How Do You Handle Customer Service?

By Nina Kaufman, Esq.

They say that the key to happy clients is to under promise and overdeliver.  But I just returned from an absolutely AMAZING 5-day workshop in L.A. given by Peak Potentials, called Train the Trainer 1 (How to Earn $20,000 a Weekend Teaching What You Love), which turns that adage on its head.  Peak’s approach is to “promise big and deliver BIGGER” (and I have to say they did just that).

Customer service is an area where many entrepreneurs slip a bit.  Either they’re vague on what they will do and by when they will do it . . . or they don’t adequately communicate the value of what they provide to their clients.  Or, they’re so overwhelmed by all the other responsibilities of running a small business that they lack a system for follow-through and follow-up.

So what’s the key to delivering on the expectations?  Here are a few tips:

  1. Have a written agreement.  Contracts make sure that you and your client are, literally, “on the same page.”  This applies to purchase orders, too, where you can include your terms on the “backside.”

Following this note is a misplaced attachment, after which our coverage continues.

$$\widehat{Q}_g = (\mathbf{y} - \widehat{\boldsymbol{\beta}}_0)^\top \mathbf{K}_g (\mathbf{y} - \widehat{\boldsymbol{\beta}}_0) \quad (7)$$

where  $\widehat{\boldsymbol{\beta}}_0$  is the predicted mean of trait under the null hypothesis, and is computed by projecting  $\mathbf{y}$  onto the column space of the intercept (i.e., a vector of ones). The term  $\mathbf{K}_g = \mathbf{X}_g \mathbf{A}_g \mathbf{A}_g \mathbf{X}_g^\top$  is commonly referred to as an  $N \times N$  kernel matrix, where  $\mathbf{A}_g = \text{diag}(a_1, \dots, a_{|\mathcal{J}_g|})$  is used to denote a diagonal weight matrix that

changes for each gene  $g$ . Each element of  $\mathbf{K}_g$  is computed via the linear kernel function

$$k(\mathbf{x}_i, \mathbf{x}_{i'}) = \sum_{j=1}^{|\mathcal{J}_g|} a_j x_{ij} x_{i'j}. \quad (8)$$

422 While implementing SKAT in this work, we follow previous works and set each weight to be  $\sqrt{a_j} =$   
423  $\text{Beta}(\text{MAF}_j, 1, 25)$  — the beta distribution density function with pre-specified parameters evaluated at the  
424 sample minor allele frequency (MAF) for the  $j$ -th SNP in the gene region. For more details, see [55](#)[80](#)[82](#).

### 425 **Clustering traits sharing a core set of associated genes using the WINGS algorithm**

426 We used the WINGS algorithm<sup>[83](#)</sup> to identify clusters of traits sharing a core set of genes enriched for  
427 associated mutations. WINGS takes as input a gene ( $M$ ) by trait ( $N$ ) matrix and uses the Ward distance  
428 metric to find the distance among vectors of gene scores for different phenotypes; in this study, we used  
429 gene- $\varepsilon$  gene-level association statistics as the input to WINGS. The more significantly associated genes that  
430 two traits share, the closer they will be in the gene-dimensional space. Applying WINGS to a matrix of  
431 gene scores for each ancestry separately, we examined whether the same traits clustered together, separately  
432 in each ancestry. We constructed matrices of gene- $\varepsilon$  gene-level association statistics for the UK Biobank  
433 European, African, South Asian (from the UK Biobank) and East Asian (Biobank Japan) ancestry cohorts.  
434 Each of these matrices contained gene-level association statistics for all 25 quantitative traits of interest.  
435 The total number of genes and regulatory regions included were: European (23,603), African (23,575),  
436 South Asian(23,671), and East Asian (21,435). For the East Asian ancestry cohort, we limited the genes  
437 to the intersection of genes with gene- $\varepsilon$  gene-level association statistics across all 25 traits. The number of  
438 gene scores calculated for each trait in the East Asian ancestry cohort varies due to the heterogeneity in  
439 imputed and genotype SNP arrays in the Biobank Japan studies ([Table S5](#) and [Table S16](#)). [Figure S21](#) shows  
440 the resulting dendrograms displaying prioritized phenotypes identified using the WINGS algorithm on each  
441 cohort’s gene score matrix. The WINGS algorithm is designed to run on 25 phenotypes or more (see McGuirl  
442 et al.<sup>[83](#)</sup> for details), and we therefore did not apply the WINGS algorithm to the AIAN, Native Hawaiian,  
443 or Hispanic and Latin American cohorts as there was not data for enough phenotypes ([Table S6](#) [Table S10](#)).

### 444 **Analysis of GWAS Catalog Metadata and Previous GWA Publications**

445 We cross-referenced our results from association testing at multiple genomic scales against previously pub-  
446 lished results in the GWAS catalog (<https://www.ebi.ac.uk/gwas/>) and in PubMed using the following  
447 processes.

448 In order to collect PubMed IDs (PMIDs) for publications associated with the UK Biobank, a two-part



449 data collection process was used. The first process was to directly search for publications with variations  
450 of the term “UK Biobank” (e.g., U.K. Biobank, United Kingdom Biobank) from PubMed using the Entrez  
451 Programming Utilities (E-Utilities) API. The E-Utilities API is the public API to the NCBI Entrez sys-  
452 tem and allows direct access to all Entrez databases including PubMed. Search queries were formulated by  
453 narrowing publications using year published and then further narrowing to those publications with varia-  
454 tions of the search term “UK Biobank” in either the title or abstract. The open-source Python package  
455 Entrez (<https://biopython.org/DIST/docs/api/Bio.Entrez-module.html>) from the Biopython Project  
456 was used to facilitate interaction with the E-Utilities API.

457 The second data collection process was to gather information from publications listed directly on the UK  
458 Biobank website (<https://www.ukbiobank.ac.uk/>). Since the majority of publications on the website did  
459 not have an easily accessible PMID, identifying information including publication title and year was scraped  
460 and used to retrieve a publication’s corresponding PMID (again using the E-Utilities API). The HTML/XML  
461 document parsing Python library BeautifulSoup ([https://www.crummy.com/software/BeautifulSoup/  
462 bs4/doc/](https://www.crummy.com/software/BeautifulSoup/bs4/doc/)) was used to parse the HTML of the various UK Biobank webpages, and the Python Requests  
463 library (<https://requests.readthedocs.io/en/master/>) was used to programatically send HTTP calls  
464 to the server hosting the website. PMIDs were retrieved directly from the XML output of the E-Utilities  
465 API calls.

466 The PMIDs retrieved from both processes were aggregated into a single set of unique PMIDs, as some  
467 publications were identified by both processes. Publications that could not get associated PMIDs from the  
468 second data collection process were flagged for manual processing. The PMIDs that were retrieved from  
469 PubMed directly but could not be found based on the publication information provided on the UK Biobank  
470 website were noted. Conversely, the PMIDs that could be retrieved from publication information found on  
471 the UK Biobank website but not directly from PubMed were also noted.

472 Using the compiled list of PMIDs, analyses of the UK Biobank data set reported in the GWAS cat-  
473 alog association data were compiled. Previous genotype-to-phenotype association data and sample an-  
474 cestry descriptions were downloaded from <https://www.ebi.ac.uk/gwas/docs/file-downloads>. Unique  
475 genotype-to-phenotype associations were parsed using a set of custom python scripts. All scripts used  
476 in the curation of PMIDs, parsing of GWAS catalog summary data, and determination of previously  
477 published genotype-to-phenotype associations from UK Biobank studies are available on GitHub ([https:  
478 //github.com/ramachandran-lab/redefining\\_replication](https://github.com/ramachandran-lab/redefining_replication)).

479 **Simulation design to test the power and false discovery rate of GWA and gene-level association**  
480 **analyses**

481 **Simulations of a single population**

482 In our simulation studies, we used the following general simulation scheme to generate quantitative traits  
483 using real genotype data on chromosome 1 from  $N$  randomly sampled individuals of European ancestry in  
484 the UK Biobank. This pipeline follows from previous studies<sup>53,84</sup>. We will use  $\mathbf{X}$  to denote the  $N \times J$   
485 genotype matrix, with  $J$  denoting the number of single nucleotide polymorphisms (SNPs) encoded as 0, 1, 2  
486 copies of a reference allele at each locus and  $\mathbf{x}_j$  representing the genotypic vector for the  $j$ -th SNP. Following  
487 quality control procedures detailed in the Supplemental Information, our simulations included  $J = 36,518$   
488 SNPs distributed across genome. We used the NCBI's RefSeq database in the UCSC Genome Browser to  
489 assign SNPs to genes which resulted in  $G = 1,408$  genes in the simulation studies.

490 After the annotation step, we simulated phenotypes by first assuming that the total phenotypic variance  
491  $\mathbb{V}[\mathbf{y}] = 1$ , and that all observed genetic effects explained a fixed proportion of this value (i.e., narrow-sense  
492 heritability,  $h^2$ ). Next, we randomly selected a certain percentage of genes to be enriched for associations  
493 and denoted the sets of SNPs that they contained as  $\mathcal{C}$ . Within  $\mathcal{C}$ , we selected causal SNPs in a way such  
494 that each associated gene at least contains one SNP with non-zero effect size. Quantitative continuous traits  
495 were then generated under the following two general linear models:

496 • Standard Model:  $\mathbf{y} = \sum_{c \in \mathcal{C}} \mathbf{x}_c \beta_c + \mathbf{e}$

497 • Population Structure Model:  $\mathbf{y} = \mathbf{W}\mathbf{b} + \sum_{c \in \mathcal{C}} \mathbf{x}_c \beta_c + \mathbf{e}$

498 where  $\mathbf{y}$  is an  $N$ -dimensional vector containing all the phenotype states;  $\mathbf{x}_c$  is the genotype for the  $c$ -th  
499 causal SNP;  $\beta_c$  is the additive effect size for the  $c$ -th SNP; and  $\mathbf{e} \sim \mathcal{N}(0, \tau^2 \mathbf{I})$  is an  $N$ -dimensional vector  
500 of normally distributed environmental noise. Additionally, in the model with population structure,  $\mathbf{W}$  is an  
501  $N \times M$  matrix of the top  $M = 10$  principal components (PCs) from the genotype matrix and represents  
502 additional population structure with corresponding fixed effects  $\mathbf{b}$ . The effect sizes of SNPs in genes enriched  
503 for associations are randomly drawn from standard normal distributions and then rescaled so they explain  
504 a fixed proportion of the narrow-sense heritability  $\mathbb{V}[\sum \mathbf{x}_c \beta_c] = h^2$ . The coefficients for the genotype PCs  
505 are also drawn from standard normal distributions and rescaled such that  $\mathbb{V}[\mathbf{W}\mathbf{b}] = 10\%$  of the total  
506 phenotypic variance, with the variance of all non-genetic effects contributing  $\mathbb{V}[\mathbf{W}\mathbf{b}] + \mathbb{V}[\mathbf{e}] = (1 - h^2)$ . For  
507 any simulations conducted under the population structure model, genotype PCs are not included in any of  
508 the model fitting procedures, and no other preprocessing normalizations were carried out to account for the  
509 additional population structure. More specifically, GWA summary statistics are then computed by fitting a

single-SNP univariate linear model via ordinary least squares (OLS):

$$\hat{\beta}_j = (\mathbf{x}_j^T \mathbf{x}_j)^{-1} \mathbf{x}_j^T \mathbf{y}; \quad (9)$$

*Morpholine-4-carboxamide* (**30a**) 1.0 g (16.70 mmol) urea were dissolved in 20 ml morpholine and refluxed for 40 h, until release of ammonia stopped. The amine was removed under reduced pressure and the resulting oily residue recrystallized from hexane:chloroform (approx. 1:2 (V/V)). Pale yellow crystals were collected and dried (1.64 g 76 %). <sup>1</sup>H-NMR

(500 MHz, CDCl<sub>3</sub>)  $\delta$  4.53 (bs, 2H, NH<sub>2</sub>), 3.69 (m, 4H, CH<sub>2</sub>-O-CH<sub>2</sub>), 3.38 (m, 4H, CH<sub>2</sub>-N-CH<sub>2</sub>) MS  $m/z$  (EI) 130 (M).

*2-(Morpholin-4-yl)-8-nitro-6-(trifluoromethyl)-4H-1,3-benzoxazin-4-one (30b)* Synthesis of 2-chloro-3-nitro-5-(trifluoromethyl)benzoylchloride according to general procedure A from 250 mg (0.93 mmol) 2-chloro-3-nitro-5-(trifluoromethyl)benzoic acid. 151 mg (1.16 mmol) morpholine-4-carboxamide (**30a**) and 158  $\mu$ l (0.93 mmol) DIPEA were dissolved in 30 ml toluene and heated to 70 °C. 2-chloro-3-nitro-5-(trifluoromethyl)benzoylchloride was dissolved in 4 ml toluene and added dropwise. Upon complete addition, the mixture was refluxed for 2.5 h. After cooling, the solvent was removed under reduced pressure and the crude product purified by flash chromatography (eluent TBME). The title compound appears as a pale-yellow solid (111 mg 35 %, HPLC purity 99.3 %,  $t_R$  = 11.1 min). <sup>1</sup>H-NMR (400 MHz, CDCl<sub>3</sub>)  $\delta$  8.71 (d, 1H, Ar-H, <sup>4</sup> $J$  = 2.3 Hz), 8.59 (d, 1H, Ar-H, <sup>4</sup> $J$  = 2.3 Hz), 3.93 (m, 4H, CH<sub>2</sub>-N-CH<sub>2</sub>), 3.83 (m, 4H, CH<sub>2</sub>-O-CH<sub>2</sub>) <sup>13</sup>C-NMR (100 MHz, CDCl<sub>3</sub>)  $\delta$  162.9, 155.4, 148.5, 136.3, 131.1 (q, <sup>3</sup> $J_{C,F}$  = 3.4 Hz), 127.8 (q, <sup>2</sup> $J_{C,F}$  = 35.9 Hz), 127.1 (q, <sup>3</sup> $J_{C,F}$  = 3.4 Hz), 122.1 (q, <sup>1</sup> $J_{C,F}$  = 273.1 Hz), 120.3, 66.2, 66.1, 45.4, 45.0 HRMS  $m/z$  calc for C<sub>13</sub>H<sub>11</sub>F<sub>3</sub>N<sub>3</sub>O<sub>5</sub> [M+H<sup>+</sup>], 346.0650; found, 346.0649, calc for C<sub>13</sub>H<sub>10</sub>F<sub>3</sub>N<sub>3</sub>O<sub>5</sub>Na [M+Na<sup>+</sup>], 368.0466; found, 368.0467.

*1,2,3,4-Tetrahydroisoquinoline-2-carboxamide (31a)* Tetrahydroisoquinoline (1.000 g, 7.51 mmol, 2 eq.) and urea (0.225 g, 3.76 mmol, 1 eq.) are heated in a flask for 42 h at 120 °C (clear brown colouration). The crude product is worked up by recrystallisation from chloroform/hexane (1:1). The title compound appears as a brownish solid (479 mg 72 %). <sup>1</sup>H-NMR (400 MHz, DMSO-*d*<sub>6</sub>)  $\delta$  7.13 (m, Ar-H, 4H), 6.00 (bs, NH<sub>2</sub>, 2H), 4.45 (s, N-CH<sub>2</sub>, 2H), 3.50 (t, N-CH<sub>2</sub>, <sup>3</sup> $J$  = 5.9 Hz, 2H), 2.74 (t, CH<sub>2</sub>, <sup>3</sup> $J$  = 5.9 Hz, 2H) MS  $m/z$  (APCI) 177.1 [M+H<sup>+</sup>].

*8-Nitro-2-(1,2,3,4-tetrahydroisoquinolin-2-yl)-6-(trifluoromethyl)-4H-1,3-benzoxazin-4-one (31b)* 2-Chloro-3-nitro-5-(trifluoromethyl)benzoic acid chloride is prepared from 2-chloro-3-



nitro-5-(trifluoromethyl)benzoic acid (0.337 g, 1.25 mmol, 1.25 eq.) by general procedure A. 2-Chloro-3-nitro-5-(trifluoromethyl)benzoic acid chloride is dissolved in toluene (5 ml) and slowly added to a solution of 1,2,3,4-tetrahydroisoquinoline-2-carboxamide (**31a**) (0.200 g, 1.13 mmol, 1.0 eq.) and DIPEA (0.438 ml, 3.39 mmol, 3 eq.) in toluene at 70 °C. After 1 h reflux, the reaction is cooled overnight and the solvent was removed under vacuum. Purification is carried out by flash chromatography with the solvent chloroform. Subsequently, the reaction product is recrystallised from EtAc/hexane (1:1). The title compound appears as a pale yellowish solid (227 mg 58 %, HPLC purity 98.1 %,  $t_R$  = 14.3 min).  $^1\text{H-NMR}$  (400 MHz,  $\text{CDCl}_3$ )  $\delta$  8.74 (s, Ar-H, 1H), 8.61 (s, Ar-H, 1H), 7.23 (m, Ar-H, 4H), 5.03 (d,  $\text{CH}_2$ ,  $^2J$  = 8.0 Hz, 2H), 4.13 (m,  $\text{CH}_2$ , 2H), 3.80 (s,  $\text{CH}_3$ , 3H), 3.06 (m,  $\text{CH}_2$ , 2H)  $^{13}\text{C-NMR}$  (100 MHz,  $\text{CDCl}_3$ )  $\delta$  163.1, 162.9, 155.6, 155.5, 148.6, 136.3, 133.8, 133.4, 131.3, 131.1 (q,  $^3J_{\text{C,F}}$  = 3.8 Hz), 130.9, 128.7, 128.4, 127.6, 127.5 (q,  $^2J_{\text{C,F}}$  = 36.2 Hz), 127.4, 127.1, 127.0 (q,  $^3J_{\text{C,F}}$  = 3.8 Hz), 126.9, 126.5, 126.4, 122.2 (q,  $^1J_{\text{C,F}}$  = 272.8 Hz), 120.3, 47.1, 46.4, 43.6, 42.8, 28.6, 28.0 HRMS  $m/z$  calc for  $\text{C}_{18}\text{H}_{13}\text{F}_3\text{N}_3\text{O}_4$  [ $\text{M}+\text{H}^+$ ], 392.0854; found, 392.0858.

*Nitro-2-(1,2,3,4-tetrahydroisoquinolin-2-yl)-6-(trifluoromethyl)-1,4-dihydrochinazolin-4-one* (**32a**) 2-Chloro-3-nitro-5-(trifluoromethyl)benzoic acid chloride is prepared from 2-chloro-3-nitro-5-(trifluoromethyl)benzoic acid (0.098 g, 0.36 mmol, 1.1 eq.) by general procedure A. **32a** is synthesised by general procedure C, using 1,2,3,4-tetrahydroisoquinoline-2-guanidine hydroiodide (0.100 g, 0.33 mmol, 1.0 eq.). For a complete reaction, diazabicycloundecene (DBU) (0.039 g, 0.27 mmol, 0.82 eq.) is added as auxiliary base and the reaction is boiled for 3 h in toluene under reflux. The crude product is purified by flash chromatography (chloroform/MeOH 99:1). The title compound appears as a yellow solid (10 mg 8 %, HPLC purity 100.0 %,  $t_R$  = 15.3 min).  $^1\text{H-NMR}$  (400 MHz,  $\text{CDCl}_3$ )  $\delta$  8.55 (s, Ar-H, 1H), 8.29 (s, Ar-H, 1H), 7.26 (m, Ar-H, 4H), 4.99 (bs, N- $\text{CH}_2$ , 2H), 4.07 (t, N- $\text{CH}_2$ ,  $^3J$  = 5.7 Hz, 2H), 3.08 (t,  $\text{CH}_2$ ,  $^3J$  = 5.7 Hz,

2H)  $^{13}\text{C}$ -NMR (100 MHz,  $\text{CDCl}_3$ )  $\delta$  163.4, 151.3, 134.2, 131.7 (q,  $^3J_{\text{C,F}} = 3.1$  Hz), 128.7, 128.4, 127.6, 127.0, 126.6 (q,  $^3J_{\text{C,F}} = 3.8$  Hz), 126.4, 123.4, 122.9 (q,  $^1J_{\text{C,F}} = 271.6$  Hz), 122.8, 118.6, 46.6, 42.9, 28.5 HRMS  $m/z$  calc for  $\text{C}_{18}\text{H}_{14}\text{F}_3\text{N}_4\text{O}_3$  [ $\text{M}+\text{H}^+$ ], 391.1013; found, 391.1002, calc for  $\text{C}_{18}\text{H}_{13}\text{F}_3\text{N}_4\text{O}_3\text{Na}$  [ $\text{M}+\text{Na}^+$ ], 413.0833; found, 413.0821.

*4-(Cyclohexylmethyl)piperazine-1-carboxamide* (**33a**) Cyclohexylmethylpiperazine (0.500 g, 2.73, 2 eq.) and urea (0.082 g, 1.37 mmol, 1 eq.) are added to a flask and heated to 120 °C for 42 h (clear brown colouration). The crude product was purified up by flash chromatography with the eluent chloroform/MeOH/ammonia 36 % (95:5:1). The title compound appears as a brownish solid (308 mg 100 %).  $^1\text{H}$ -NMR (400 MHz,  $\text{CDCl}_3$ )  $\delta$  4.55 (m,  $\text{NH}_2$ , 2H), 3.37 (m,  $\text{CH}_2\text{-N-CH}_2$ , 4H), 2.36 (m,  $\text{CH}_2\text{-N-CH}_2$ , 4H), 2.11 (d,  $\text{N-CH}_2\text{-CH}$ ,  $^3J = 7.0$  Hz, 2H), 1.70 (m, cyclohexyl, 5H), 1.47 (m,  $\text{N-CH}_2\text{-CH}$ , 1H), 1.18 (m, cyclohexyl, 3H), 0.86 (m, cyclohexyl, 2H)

2. Share your value proposition.  For example, when I draft a business partnership agreement, I’m not just handing my clients a document.  I’m providing them with a method for determining financial contributions to the company, allocating profits and losses fairly, deciding who can buy (or sell) and interest in the company — and for how much, and protecting company secrets and proprietary information.  That underscores just how important the products/services are to your client.
  3. Develop customer service systems and procedures . . . and put them in writing.  There are all kind of things you can do to ensure you meet and exceed client expectations.   What I learned from the Train the Trainer workshop is that, yes, they taught me the information I was seeking, but they did so in a way that was powerfully interactive, and included certain personal development issues as well.  This made it a transformative experience, not merely an educational one.  You can institute regular follow-up calls to check in at 30, 60, and 90 day intervals (or whatever makes sense for your business).  You can offer a free (and unexpected) gift, as I did when I ordered a Holosync meditation CD from Centerpointe Research Institute.

What have you done that knocked your customers’ socks off?

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